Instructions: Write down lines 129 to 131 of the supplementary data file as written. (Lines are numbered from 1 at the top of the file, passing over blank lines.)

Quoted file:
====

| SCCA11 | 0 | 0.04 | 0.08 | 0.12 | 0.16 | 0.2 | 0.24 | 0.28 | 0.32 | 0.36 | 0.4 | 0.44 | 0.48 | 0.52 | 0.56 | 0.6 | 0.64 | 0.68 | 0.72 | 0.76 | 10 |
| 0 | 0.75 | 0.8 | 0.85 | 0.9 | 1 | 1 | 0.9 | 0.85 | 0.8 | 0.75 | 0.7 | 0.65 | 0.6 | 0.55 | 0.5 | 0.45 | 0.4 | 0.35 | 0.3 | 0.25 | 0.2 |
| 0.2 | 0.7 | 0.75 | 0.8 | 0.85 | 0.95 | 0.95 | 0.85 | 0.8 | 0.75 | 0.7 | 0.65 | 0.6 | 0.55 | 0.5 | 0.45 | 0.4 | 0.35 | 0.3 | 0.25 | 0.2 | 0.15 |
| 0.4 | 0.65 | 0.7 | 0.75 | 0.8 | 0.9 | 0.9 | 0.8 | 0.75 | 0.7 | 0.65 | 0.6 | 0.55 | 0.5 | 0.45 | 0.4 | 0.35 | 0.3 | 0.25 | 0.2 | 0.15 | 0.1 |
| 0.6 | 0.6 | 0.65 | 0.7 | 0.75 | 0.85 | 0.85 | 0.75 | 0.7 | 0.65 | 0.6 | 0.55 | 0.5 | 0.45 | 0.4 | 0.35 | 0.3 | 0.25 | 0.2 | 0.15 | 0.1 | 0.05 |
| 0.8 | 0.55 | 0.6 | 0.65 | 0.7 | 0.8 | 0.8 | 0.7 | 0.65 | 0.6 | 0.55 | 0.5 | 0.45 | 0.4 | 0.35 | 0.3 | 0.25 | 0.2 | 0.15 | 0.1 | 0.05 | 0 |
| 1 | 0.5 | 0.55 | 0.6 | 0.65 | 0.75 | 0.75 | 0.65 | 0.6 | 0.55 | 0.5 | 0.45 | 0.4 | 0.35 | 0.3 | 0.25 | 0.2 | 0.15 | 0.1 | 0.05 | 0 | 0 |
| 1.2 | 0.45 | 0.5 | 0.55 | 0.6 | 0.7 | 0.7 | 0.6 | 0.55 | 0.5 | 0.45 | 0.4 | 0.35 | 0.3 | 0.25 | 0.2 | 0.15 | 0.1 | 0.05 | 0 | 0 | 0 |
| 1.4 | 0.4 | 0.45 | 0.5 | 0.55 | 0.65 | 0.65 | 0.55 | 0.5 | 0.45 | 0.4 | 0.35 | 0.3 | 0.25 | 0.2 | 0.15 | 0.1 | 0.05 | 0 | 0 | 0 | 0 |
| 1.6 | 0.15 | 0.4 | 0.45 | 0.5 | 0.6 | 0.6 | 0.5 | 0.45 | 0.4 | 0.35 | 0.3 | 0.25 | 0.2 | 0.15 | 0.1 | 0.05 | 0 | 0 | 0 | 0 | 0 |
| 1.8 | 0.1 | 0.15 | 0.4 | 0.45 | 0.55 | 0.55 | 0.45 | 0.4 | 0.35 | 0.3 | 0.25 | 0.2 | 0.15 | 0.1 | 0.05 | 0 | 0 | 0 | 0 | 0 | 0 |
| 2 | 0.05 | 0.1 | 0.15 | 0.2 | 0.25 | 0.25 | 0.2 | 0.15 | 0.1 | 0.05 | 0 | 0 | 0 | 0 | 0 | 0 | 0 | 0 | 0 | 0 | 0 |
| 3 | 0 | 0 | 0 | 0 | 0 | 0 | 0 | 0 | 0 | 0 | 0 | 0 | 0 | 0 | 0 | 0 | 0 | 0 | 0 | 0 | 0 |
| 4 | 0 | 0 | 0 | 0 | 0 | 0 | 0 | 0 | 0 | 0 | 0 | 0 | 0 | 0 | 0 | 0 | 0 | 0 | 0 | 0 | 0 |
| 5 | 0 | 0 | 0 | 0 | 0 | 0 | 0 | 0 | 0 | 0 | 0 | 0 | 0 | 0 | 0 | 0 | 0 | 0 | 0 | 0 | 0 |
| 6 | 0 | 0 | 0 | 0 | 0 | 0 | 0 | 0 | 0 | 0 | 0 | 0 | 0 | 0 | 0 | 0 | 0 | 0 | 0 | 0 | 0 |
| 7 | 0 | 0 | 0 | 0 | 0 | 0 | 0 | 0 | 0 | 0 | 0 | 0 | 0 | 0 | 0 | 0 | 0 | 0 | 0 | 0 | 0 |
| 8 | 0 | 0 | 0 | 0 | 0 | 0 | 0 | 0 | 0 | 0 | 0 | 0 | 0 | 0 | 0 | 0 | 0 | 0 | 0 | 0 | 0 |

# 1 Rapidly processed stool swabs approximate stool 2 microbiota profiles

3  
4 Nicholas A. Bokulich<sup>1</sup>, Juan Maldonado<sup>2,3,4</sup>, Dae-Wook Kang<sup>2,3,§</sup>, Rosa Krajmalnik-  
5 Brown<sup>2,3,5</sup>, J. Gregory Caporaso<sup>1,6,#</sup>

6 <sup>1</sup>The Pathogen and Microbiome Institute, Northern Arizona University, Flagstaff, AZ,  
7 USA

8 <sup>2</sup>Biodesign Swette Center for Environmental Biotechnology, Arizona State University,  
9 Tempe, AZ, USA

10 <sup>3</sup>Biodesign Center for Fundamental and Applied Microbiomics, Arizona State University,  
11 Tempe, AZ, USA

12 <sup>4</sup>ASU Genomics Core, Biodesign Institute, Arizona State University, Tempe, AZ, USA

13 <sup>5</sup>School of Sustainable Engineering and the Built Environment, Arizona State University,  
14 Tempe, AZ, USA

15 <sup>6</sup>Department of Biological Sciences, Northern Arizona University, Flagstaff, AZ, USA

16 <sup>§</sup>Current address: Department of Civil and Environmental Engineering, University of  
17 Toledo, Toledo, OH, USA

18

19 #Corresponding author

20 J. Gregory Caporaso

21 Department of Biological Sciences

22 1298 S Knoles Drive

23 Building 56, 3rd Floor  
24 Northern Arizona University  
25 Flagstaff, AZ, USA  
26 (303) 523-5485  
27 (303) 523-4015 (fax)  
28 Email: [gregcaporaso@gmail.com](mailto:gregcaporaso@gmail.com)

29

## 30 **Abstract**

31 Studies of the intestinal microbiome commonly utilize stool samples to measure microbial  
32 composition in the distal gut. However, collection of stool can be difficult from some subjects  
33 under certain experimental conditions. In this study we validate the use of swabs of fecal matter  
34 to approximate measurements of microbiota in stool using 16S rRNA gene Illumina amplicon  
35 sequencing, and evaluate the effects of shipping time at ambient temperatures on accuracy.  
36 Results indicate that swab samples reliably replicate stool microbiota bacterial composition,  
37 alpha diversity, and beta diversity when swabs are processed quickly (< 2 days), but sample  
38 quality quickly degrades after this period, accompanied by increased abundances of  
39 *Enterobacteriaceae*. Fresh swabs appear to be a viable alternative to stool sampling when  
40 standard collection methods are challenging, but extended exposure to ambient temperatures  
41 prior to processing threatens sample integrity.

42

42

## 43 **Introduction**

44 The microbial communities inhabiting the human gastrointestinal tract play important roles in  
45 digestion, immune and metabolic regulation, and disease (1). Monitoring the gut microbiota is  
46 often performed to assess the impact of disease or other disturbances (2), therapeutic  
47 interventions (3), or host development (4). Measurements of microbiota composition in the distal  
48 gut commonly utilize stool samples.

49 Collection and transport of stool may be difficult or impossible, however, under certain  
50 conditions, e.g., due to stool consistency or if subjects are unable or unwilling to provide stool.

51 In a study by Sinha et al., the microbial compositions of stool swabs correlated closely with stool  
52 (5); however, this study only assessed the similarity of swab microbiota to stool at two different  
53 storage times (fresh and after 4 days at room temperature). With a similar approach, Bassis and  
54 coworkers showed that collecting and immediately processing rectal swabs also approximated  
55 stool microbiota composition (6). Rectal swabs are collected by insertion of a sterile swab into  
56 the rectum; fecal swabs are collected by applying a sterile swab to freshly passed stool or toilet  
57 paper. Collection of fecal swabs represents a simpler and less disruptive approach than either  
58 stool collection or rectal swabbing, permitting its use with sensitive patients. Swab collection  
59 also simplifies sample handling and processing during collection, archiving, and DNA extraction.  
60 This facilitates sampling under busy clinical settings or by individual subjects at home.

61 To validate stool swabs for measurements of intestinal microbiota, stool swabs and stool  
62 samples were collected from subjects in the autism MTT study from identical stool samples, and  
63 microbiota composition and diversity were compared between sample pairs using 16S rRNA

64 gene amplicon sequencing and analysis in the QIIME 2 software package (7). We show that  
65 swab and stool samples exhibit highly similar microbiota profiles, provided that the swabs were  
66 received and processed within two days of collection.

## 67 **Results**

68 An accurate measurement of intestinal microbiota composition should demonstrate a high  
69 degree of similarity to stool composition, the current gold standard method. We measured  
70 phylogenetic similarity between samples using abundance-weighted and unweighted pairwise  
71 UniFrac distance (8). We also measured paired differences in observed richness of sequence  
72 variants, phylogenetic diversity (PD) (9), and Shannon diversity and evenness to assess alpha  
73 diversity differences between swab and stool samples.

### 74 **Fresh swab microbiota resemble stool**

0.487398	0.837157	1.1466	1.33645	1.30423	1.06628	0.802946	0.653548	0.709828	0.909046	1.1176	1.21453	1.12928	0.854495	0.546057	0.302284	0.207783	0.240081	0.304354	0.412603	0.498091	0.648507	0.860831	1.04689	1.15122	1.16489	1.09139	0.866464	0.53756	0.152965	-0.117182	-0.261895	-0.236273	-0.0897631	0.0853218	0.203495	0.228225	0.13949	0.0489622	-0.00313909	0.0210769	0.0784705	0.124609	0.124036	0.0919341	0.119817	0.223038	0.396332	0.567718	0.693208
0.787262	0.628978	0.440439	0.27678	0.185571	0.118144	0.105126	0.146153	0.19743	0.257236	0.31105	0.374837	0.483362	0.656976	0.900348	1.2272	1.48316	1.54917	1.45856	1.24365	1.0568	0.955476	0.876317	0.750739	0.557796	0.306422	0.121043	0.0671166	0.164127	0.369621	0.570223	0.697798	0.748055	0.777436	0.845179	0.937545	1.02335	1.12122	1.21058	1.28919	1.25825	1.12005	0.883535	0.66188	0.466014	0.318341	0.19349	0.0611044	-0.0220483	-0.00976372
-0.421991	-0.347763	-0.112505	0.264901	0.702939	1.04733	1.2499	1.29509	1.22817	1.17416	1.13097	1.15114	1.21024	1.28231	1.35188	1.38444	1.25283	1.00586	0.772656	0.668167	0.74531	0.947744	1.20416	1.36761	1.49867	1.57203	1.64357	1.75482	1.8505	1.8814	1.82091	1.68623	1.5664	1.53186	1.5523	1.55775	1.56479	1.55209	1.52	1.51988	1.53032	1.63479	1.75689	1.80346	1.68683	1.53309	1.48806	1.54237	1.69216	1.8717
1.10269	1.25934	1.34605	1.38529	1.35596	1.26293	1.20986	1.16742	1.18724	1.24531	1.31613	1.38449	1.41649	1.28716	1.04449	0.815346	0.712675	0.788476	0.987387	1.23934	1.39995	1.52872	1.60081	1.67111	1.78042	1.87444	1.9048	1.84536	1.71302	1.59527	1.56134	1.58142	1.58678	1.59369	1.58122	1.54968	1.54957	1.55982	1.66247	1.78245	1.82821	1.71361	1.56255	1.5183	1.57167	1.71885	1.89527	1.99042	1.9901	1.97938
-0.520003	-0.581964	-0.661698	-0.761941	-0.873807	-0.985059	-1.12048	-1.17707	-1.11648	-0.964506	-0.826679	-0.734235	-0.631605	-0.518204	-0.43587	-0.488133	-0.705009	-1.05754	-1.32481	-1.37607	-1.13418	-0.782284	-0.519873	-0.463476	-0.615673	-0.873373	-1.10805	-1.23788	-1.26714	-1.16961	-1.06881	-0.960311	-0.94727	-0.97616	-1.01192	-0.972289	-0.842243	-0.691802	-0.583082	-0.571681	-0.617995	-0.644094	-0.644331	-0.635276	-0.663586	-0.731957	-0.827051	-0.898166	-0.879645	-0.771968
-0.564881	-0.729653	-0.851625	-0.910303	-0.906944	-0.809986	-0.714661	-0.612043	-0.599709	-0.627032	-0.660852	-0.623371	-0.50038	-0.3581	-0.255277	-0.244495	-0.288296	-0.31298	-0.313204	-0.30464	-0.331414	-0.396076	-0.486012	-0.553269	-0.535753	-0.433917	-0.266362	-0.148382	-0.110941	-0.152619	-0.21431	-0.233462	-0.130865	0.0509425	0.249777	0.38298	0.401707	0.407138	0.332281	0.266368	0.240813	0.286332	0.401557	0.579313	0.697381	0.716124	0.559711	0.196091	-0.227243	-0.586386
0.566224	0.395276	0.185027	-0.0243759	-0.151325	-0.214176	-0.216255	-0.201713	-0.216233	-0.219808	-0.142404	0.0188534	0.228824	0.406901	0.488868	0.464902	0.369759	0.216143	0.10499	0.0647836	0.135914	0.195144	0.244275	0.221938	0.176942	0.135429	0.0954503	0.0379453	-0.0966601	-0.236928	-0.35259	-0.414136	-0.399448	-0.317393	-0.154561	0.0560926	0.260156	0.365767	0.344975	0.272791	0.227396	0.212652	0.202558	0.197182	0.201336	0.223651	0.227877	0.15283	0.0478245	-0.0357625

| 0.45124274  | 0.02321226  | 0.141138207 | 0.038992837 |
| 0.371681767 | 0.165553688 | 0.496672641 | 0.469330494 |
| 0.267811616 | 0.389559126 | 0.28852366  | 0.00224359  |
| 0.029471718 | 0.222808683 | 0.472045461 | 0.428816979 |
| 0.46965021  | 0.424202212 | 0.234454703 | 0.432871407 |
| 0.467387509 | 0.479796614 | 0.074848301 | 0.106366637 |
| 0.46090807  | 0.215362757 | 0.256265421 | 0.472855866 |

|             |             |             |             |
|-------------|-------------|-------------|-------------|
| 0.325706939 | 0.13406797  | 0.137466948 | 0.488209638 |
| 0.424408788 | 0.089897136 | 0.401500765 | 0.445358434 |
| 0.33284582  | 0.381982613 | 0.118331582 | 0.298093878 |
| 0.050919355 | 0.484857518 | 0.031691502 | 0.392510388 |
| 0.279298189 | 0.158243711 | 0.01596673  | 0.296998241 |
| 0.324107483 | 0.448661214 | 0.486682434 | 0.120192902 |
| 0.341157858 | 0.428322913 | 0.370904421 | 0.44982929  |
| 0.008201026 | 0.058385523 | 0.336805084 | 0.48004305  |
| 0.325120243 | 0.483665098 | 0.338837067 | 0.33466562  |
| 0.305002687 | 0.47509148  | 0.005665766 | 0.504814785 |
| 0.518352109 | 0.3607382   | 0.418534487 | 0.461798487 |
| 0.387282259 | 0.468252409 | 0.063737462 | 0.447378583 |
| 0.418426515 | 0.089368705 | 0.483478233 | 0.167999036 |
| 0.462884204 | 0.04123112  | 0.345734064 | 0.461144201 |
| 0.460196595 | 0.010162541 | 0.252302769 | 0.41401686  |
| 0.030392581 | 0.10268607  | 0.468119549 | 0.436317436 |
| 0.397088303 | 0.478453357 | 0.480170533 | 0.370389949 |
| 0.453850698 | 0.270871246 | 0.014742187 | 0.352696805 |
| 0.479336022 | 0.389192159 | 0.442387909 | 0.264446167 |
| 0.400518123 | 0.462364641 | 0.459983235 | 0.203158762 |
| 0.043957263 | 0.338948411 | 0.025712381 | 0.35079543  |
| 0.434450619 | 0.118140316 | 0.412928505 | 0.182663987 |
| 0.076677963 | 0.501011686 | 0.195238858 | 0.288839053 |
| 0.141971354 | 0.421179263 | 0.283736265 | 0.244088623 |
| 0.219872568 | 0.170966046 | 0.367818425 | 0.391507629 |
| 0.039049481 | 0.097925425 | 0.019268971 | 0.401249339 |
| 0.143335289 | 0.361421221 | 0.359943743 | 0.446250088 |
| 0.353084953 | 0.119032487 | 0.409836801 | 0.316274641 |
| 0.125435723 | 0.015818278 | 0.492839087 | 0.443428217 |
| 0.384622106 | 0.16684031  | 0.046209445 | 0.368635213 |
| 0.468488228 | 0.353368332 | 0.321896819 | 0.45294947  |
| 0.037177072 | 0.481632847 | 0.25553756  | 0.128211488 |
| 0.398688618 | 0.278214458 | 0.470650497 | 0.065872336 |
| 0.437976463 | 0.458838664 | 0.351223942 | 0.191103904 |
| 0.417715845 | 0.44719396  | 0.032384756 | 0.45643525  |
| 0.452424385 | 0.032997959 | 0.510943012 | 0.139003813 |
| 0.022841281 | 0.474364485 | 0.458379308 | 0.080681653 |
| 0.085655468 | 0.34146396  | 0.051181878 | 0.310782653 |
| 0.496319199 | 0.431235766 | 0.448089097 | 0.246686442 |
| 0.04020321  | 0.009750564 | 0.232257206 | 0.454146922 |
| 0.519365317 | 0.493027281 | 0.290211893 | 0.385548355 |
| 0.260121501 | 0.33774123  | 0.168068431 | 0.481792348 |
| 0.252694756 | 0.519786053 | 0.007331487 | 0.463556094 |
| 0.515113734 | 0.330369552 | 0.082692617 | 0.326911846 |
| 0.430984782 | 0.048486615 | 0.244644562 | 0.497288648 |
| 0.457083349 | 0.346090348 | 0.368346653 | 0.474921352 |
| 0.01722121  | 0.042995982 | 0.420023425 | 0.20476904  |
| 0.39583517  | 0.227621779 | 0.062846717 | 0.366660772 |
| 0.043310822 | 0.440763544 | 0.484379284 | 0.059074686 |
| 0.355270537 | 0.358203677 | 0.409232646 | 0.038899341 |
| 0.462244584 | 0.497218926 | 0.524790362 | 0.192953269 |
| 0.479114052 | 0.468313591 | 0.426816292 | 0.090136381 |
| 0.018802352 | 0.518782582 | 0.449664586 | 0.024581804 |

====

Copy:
| 0.043957263 | 0.338948411 | 0.025712381 | 0.35079543  |
| 0.434450619 | 0.118140316 | 0.412928505 | 0.182663987 |
| 0.076677963 | 0.501011686 | 0.195238858 | 0.288839053 |